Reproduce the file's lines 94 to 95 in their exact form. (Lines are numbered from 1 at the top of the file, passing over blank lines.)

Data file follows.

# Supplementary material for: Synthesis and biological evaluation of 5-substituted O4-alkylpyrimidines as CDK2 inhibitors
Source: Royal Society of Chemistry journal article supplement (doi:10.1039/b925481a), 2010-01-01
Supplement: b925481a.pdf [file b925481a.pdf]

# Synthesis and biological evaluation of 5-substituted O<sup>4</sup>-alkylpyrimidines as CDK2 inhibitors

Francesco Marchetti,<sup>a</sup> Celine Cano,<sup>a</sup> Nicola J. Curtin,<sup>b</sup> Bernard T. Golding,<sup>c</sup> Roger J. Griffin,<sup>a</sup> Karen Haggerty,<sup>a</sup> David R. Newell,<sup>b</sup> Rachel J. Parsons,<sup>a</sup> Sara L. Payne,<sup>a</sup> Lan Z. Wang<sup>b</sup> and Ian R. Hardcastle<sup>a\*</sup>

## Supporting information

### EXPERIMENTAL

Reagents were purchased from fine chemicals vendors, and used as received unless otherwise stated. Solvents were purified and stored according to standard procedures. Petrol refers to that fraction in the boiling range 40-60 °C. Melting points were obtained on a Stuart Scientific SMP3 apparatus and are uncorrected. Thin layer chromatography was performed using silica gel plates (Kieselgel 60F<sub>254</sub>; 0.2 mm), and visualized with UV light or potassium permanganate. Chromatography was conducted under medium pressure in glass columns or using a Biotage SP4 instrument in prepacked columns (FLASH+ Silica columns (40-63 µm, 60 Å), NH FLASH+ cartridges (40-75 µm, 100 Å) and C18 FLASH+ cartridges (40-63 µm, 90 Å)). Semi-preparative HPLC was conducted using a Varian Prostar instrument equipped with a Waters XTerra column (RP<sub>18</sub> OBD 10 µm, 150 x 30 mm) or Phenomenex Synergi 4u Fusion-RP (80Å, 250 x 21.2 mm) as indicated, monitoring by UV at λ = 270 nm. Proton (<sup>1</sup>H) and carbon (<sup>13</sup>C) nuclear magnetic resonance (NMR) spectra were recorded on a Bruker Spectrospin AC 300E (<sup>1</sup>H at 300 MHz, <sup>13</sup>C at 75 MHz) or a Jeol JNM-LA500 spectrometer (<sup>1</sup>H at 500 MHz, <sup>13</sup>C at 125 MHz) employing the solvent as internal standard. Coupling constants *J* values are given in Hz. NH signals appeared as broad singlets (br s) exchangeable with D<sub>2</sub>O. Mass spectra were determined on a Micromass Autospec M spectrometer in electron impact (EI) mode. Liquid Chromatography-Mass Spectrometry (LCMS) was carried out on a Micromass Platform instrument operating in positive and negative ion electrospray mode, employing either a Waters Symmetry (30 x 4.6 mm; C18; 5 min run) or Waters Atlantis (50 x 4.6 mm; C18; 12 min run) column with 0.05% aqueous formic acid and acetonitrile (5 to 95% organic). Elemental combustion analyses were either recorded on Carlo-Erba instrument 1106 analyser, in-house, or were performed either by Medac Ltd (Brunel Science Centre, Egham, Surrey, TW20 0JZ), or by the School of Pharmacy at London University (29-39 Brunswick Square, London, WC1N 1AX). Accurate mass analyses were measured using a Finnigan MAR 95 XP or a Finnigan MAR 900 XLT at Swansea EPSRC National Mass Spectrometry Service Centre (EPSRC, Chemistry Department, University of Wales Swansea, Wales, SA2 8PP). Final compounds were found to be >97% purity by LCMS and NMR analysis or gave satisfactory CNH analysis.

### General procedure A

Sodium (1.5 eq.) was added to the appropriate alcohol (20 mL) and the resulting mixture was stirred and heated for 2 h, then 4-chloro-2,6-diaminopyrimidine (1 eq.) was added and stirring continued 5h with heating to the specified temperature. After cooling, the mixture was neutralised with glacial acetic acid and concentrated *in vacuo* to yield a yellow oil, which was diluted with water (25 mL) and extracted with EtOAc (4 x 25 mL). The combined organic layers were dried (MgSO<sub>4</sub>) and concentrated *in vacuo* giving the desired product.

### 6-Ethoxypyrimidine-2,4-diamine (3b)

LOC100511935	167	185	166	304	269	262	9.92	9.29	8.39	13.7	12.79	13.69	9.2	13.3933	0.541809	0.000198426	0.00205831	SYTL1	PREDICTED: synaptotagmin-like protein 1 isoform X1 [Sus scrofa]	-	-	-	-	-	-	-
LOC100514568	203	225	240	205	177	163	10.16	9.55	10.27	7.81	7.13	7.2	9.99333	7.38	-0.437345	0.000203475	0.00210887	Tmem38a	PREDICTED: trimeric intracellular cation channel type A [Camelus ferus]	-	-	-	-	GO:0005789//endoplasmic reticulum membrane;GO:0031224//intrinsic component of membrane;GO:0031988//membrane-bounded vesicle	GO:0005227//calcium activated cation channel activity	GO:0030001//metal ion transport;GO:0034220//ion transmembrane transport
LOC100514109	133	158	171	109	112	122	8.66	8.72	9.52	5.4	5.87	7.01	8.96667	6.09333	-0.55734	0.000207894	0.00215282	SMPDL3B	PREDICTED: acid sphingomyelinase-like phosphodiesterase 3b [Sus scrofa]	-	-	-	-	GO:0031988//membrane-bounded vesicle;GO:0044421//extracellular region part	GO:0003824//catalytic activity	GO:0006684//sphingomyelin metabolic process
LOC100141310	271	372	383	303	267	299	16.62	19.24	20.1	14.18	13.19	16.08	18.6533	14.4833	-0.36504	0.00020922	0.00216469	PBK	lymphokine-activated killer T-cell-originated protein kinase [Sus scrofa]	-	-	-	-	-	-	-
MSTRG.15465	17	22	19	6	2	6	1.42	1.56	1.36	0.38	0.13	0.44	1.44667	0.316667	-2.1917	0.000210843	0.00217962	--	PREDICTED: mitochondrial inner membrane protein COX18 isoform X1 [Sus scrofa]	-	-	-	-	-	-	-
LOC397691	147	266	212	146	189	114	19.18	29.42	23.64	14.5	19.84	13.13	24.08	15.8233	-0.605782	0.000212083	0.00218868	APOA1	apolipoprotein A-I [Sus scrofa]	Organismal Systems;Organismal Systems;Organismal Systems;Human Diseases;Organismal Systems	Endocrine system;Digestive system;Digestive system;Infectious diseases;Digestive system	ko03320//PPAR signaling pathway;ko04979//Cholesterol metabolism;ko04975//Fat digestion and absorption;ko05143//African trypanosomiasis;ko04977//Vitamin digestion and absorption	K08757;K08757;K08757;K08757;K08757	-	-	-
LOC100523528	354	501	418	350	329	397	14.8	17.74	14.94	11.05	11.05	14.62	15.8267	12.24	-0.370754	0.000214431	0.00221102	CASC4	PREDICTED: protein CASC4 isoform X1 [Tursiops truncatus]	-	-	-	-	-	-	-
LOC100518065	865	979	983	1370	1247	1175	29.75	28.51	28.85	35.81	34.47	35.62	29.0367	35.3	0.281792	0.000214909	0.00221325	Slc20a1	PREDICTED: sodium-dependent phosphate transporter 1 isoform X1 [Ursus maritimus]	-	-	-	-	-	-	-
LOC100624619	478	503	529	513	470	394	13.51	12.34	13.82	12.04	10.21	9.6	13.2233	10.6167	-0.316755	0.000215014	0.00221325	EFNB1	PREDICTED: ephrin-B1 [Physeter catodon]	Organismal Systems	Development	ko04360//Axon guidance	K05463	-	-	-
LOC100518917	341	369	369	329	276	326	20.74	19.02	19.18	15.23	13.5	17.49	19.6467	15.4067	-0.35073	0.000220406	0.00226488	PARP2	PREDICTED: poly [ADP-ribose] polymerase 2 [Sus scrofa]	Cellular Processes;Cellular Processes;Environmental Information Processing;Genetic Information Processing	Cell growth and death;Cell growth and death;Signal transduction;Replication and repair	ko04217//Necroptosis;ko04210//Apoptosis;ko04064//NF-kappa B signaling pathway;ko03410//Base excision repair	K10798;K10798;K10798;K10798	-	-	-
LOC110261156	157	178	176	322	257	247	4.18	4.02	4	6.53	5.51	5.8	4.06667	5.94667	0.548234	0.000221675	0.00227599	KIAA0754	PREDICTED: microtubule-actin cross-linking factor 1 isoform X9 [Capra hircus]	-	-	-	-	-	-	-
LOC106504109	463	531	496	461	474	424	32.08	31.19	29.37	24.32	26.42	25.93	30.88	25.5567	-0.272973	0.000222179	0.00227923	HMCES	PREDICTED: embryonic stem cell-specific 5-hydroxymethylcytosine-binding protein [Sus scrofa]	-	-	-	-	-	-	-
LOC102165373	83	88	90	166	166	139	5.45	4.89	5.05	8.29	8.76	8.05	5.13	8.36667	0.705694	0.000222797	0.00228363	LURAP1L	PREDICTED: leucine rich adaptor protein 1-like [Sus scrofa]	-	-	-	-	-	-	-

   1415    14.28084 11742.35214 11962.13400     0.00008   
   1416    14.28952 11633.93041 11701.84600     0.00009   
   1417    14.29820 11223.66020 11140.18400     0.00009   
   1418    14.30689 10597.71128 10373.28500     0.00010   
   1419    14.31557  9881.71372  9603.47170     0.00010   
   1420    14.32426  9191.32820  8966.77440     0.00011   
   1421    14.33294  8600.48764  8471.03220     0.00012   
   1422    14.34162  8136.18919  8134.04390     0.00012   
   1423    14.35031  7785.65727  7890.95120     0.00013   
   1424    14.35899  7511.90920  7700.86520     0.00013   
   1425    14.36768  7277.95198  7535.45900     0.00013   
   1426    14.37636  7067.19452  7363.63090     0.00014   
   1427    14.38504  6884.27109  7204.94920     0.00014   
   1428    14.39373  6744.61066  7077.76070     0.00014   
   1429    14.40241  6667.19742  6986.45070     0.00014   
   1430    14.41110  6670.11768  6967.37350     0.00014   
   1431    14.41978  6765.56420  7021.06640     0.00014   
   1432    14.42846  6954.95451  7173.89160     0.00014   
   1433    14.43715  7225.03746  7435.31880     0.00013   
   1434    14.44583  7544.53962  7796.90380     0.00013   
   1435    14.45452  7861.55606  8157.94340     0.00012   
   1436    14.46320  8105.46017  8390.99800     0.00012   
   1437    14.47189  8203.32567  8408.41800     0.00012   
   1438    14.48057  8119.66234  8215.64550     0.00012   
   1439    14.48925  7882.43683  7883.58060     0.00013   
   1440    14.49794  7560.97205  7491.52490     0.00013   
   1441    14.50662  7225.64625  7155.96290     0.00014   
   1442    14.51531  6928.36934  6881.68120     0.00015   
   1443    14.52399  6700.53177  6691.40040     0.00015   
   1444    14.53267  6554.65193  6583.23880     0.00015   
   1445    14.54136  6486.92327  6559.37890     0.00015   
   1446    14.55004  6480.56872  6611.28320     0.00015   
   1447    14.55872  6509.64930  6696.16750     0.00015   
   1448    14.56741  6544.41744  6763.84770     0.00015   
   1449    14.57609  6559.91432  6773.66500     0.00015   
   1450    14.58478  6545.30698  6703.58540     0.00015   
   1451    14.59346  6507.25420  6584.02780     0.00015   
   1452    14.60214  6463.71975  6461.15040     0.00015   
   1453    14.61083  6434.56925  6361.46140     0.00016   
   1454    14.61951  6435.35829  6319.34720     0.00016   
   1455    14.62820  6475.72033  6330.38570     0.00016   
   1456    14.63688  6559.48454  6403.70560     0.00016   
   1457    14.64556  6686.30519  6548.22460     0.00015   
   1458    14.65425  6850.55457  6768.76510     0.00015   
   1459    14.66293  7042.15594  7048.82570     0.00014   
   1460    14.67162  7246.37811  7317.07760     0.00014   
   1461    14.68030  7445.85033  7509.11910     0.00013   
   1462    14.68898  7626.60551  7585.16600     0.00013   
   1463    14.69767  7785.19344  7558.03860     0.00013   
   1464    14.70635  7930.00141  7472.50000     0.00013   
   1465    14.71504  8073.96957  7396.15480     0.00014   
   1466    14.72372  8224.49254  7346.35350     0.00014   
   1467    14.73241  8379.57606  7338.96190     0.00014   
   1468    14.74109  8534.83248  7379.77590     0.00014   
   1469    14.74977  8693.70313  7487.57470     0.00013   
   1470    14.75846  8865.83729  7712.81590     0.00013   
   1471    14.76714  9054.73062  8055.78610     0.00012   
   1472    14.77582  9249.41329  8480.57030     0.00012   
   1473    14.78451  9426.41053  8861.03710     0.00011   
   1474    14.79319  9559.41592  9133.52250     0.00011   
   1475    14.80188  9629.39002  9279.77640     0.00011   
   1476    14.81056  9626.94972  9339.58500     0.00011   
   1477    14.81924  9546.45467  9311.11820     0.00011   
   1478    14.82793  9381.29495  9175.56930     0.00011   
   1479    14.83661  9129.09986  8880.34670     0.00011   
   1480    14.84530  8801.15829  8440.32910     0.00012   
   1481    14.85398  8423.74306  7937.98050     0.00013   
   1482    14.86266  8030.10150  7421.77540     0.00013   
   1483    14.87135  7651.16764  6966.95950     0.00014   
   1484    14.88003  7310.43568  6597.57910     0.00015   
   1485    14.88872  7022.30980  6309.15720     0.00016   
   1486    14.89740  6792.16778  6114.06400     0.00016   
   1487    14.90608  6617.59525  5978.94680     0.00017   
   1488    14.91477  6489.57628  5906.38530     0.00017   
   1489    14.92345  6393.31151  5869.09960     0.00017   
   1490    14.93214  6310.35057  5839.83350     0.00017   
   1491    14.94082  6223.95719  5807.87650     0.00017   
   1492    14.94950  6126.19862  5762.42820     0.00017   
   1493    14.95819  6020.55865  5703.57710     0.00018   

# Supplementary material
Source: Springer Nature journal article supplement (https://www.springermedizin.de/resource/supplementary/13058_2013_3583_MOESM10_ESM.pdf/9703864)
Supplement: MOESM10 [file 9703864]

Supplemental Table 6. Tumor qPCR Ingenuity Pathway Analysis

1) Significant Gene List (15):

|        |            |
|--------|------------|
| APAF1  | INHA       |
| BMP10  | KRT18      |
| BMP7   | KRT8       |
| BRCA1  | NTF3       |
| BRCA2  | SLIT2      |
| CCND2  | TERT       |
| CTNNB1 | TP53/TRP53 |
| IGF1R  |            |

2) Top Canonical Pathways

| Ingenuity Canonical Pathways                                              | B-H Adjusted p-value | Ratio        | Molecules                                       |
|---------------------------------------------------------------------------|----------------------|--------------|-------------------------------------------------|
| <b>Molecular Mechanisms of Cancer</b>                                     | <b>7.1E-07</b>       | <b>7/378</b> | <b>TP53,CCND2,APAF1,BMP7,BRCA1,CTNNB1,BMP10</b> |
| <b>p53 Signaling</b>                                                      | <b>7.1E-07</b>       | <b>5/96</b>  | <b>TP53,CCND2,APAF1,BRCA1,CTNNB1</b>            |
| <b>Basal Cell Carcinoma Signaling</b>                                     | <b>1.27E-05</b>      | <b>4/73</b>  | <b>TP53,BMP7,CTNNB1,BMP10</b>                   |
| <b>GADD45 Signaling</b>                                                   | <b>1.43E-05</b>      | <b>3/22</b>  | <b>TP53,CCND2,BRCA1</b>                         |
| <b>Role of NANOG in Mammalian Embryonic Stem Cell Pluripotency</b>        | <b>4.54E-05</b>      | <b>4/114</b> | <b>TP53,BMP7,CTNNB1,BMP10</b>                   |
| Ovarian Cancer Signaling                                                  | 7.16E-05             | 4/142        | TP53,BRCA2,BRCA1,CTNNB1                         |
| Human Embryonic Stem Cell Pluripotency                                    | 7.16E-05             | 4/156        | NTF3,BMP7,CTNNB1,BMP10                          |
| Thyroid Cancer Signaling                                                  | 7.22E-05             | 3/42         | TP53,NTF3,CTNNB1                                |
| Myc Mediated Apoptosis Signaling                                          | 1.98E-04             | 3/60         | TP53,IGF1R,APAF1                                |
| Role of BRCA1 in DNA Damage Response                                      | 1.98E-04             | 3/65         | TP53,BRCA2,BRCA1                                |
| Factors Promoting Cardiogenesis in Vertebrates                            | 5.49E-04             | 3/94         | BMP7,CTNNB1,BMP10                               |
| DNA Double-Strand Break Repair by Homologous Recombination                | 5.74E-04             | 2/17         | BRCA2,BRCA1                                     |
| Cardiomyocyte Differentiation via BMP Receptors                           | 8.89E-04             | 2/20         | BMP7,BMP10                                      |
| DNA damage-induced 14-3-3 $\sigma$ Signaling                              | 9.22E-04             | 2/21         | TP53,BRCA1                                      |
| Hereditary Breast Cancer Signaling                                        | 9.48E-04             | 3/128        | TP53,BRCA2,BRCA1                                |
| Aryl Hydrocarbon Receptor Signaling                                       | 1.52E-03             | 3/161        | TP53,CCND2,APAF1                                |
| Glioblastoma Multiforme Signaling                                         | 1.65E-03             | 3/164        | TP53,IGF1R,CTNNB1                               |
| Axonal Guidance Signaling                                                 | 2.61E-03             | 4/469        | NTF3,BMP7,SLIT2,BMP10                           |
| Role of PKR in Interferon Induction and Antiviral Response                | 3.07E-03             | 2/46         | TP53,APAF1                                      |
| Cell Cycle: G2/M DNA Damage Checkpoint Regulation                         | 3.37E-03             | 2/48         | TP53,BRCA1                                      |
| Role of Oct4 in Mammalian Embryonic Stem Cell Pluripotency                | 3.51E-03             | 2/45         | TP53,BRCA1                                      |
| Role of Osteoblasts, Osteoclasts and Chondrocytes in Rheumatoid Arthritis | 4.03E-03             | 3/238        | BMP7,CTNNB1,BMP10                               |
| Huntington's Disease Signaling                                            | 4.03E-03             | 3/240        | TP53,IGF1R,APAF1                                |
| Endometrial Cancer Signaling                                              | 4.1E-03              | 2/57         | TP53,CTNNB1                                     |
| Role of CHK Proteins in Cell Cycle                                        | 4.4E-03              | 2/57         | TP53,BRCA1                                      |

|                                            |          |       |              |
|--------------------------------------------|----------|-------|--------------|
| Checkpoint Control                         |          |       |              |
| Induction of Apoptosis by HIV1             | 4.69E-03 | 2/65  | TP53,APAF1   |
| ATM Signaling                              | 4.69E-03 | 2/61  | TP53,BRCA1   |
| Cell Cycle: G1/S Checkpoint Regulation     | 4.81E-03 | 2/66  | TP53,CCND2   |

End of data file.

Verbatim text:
   1484    14.88003  7310.43568  6597.57910     0.00015   
   1485    14.88872  7022.30980  6309.15720     0.00016   